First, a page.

Pollster John Zogby is the president and CEO of the independent polling firm Zogby International.
The Topic: Americans are paying a lot of attention to polls these days because of the presidential race (apparently people would rather carpool with Obama, but those with multiple pets prefer carpooling with McCain). John Zogby, as always, has been in the thick of it. Yet The Way We’ll Be is concerned with more fundamental questions about American politics, spirituality, economy, and culture than who will next occupy the Oval Office. Examining shifts in data over four generations, Zogby foresees an America that is more open and tolerant, yet also accustomed to limits on its denizens’ own prosperity and their nation’s. In the end, he foresees a new vision of the American Dream that is stronger but also more flexible than the old.
Random House. 256 pages. $26. ISBN: 1400064503
"Unlike the naysayers who decry the emerging American Gomorrah, Zogby sees [changing social mores] as a postmodern melting pot filled with people who care more about the planet than their own material success and have left the prejudices of the past in the past. … Any political consultant hoping to get a client elected, or any marketing executive hoping to sell a product, should hop on the Internet immediately and place a copy of the Zogby Report in his or her electronic shopping cart." Richard S. Dunham
"Pollster John Zogby’s voice in The Way We’ll Be is disarming. He anticipates skepticism and answers potential arguments with a combination of intelligent rebuttal, winning modesty and full disclosure about the limits of his methodology." Steve Weinberg
Rocky Mountain News
"Zogby’s exhaustive data points to heartening trends at work in the U.S. As the cost of living balloons and traditional sources of energy begin to founder, it seems the American populace is willing to innovate, cooperate and sacrifice to find solutions… A fascinating glimpse into how we’ll be." Adam Goldstein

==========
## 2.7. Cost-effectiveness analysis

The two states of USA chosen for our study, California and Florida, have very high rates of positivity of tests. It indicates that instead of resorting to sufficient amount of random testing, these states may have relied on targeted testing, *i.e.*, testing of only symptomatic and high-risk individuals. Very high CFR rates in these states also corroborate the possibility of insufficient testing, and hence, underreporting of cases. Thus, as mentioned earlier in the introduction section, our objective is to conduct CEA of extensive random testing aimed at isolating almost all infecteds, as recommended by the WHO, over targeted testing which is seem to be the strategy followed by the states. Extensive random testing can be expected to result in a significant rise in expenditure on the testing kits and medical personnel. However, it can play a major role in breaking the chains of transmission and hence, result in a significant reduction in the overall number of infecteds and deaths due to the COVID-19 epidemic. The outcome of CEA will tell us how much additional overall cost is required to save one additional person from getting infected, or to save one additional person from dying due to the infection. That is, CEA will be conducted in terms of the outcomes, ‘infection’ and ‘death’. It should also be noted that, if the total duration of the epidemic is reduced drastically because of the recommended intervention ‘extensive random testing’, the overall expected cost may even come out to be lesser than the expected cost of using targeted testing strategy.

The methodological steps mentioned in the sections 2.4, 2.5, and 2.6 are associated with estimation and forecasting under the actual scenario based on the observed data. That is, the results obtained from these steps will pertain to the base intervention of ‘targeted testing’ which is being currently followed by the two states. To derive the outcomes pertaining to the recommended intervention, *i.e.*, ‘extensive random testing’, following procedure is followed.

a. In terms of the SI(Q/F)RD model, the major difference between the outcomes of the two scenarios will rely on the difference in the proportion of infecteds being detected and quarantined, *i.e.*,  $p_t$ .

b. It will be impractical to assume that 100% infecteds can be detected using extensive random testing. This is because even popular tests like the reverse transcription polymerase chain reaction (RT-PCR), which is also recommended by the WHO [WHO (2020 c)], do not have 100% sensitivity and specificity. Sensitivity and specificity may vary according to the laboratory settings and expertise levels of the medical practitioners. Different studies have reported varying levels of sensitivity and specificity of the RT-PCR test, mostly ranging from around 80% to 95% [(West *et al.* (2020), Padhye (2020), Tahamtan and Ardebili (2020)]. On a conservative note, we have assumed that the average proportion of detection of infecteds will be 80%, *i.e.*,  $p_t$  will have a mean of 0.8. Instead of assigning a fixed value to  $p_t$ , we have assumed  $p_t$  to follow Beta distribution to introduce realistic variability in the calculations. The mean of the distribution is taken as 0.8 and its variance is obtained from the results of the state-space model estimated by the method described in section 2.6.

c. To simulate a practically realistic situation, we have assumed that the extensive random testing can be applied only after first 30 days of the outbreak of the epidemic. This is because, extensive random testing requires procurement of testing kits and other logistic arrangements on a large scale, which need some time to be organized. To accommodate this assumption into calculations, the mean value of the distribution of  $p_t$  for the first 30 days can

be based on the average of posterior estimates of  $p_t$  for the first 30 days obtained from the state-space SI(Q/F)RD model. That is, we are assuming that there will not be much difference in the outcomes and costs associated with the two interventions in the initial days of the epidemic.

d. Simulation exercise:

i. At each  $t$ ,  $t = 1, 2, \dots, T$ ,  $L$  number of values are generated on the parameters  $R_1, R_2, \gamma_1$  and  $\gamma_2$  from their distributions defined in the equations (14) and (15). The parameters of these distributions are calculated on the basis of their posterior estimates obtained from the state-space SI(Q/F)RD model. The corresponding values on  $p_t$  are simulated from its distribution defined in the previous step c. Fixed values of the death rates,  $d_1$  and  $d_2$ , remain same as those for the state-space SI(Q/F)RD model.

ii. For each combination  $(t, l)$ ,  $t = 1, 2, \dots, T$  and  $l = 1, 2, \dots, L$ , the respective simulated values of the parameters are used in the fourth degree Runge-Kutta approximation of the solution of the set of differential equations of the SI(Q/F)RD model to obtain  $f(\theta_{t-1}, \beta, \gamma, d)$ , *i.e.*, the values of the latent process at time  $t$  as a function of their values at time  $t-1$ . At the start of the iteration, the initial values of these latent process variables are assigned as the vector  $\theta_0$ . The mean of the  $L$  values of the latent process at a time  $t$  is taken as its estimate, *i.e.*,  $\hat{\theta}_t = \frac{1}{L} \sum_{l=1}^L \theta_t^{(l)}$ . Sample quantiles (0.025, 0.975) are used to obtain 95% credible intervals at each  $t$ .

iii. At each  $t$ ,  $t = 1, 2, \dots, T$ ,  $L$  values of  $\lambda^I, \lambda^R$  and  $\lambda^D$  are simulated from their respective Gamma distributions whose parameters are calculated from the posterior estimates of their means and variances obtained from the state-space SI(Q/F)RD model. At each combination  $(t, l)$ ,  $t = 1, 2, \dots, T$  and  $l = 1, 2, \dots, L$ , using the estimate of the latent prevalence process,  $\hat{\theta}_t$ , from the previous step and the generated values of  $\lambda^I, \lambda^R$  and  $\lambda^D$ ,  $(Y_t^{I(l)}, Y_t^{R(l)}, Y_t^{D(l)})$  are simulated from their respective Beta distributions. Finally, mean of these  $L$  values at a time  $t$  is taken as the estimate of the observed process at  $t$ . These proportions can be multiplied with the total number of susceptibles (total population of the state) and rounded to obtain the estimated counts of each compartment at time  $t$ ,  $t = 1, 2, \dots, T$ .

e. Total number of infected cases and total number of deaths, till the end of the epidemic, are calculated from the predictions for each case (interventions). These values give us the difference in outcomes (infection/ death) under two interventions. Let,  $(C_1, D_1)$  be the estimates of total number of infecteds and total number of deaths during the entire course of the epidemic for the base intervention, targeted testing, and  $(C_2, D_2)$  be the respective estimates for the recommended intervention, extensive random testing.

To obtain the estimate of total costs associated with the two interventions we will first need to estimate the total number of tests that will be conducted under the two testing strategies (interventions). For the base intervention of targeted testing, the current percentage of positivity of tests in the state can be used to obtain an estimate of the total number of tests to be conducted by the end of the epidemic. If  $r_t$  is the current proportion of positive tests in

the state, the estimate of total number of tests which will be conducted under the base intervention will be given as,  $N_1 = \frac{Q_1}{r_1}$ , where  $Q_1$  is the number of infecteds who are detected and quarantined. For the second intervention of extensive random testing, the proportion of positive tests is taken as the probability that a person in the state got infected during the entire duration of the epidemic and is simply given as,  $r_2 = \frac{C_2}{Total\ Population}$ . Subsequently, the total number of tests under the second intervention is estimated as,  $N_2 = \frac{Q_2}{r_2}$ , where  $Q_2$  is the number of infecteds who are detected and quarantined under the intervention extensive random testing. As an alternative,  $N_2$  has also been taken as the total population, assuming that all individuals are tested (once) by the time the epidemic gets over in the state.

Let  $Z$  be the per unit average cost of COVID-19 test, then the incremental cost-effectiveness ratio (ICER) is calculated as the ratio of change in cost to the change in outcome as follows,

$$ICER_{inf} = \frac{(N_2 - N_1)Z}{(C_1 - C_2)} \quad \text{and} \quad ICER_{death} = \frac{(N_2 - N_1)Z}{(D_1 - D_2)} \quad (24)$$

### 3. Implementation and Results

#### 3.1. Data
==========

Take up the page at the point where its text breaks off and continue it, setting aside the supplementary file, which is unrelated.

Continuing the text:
Wall Street Journal
"John Zogby is … an original thinker and a perceptive observer of the American scene. … The Way We’ll Be is not a precise national roadmap, but it does offer tantalizing clues about where we’re headed." Michael Barone
San Francisco Chronicle
"[A] confused melange of creaky prognostications, polling numbers and bullet points. Aspiring to simultaneously provide a rough explanation of polling practices, a marketing guide for the advertising class and a neo-Tocquevillian manifesto on the future of the American citizen-consumer, The Way We’ll Be is an ambitious yet questionable composite of American preferences." Michael Washburn
NY Times Book Review
"A rigorously pseudoscientific examination of ‘the new plate tectonics of American society,’ it asserts that a ‘new consensus … is emerging,’ and that the political and cultural divisiveness of the past few decades will soon go the way of the Edsel, the Hula Hoop and young people who notice other people’s races. … Zogby, a Pollyanna if there ever was one, seems to have infinite faith in mankind’s ability to perfect itself. We’ll see." Joe Queenan
Like the data Zogby studies, reactions to his book were somewhat difficult to gauge. Several critics dismissed him as hopelessly optimistic, but they didn’t seriously attempt to debunk his data. Others offered an unqualified embrace of his vision of the future, but they didn’t provide any qualifications of their own. Perhaps the most reasonable response came from the Wall Street Journal. Michael Barone stressed that readers should keep in mind that Zogby is an unconventional pollster who sometimes pushes the boundaries of the field; at the same time, some of the trends that Zogby identifies are difficult to deny, even if one feels relatively less optimistic about them. Critics also disagreed on whether Zogby’s prose transcends the trends: some found themselves carried along by his occasional anecdotes and concise analysis, while others found themselves bogged down in the numbers. So The Way We’ll Be is a book about one man’s opinions about predicting the future based on many other people’s opinions. Only you can decide if that much irresolvable speculation will make your brain hurt.